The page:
AT&T Can Afford Its Dividend ... for Now

(Bloomberg Opinion) -- It’s time to talk about AT&T Inc.’s beloved dividend. 

To do that, we first need to talk about debt. This week’s sell-off in the bonds of another iconic American name — General Electric Co.— sent ripples through the wider credit market. Some highly regarded bond-fund managers warn of a reckoning for other U.S. investment-grade borrowers, in particular the “triple-Bs,” a group rated just above junk status that comprises a majority of S&P 500 companies. Among them is AT&T, which became the most indebted non-bank issuer after completing its takeover of Time Warner in June for a total value of $102 billion. 

AT&T is now at an inflection point. It could be that CEO Randall Stephenson’s debt-fueled transformation of the wireless carrier into a media giant proves an auspicious strategy, as more of our time is spent streaming video content on wireless devices. Or the company may have bitten off more than it can chew. Recall that before Time Warner, AT&T acquired DirecTV for some $63 billion including debt — many billions too many. 

The test is whether AT&T can stabilize revenue, profit margins and subscriber numbers — the DirecTV division being the most problematic area — as it refinances an enormous amount of debt (likely at higher rates) while pumping investment dollars into a 5G high-speed network. After all, AT&T’s wireless business is still the biggest driver of free cash flow. 

AT&T Can Afford Its Dividend ... for Now

Last July, when AT&T was in the throes of the Time Warner takeover process, I wrote that successful completion of the deal would mean the company’s funds need to stretch further than ever to satisfy bondholders and a dividend-hungry shareholder base, let alone its own network needs. AT&T has raised its dividend for 34 consecutive years, paying out about 68 percent of its free cash flow in the last nine months. Its dividend yield is 6.6 percent, among the highest in the S&P 500.

In about a month, AT&T is expected to declare another payout increase to 51 cents per share per quarter, or what amounts to nearly $15 billion. Moody’s Investors Service, when downgrading AT&T in June, said, “Its low free cash flow after dividends limits financial flexibility” and that eventually “AT&T will need to reduce its cash dividends in order to remain competitive with its new peer group that includes other media and technology giants, which have very lean balance sheets.”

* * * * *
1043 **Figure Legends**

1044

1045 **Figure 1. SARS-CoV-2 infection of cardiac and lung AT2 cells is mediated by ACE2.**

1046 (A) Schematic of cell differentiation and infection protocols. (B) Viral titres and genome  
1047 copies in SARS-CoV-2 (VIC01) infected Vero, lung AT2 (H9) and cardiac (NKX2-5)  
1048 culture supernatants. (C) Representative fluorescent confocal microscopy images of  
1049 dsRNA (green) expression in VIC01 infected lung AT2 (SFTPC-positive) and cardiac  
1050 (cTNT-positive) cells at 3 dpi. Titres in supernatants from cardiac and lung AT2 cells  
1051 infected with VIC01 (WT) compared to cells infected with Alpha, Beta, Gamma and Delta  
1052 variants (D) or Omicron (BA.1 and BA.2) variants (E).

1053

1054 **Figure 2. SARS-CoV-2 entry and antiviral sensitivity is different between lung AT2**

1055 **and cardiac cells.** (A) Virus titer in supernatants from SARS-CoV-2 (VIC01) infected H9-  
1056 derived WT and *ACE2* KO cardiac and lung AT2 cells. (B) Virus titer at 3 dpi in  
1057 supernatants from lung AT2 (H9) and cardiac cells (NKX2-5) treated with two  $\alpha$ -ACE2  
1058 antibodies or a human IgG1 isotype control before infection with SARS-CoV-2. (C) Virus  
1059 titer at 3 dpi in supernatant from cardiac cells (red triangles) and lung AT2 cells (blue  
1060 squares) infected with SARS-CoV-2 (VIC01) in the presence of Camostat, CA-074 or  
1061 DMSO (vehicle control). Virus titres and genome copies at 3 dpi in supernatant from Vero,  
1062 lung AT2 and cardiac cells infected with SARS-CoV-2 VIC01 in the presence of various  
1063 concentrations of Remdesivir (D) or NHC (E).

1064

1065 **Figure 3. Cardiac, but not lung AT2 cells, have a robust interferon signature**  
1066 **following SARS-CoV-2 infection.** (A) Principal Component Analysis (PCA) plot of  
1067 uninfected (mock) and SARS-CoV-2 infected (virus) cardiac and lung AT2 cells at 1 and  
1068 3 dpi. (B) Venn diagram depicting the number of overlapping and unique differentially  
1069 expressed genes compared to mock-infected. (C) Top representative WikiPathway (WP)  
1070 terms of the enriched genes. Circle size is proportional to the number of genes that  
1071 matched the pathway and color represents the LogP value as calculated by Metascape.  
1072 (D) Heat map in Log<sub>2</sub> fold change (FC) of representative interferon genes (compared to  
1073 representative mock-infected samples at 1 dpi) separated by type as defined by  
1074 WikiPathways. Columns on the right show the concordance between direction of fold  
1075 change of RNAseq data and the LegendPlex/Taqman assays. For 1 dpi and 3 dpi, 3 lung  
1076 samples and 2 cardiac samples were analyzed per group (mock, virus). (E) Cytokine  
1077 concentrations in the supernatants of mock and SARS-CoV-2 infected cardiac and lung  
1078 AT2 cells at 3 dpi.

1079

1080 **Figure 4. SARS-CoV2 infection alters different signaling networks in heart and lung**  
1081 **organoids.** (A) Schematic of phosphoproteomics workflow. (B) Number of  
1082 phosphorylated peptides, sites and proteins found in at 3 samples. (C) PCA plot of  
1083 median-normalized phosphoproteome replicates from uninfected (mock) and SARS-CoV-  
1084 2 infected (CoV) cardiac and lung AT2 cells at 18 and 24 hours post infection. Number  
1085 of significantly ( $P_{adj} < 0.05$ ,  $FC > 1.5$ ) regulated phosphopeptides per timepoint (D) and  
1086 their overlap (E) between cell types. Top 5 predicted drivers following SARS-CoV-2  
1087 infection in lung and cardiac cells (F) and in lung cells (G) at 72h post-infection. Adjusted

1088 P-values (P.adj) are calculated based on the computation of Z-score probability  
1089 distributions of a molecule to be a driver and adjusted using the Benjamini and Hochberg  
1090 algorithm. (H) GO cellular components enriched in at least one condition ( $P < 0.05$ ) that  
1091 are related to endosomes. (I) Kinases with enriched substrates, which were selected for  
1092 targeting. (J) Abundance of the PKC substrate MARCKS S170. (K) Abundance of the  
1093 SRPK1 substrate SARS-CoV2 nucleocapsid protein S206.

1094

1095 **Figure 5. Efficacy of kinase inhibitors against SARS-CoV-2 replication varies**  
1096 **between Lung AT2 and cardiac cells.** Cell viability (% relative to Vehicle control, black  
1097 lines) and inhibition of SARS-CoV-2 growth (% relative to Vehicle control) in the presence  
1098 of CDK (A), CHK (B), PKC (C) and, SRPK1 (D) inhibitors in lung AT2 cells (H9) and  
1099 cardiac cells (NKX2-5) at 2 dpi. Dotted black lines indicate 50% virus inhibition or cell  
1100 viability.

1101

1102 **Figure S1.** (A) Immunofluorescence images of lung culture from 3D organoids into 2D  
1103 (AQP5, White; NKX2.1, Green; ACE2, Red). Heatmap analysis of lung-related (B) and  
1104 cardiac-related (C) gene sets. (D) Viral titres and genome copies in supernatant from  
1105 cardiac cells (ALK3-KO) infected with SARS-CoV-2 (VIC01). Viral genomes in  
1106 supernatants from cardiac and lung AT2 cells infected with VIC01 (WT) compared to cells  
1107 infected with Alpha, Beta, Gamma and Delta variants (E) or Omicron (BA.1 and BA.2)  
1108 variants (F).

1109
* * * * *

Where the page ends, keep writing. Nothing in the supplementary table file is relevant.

AT&T Can Afford Its Dividend ... for Now

A lot needs to go right for Stephenson’s vision to work, and when it comes to conglomerate-building, smooth sailing tends to be more the exception than the norm. As I’ve noted before, analysts’ Ebitda estimates for the new AT&T are lower than they had been before it bought Time Warner. Should anything either within AT&T or in the broader market and economy cause the company’s credit metrics to look vulnerable, the dividend would have to be the sacrificial lamb. Craig Moffett, an analyst at MoffettNathanson LLC, put it best recently: “AT&T’s dividend is thought to be sacrosanct. But AT&T’s investment-grade bond rating actually is sacrosanct.” The dividend crowd are low men on the totem pole. 

AT&T’s stock has fallen 22 percent this year, perhaps a sign some investors are bracing for a potential dividend cut. Granted, Bloomberg’s dividend health score for AT&T, which uses a proprietary model of profitability, cash flow and leverage metrics, has improved this year. Stephenson also predicts AT&T’s free cash flow will climb to $25 billion on a running annual basis after this year, as certain spending needs abate and DirecTV’s Ebitda stabilizes in 2019. Still, I’m skeptical that higher prices for DirecTV and DirecTV Now won’t backfire and result in a subscriber exodus. 

AT&T Can Afford Its Dividend ... for Now

As GE falters, many are eager to call the next GE. But with AT&T, it’s more a question of whether its long run as a reliable, utility-like, dividend-paying stock is sustainable as it morphs into a media content and distribution giant. 

This column does not necessarily reflect the opinion of the editorial board or Bloomberg LP and its owners.

Tara Lachapelle is a Bloomberg Opinion columnist covering deals, Berkshire Hathaway Inc., media and telecommunications. She previously wrote an M&A column for Bloomberg News.

©2018 Bloomberg L.P.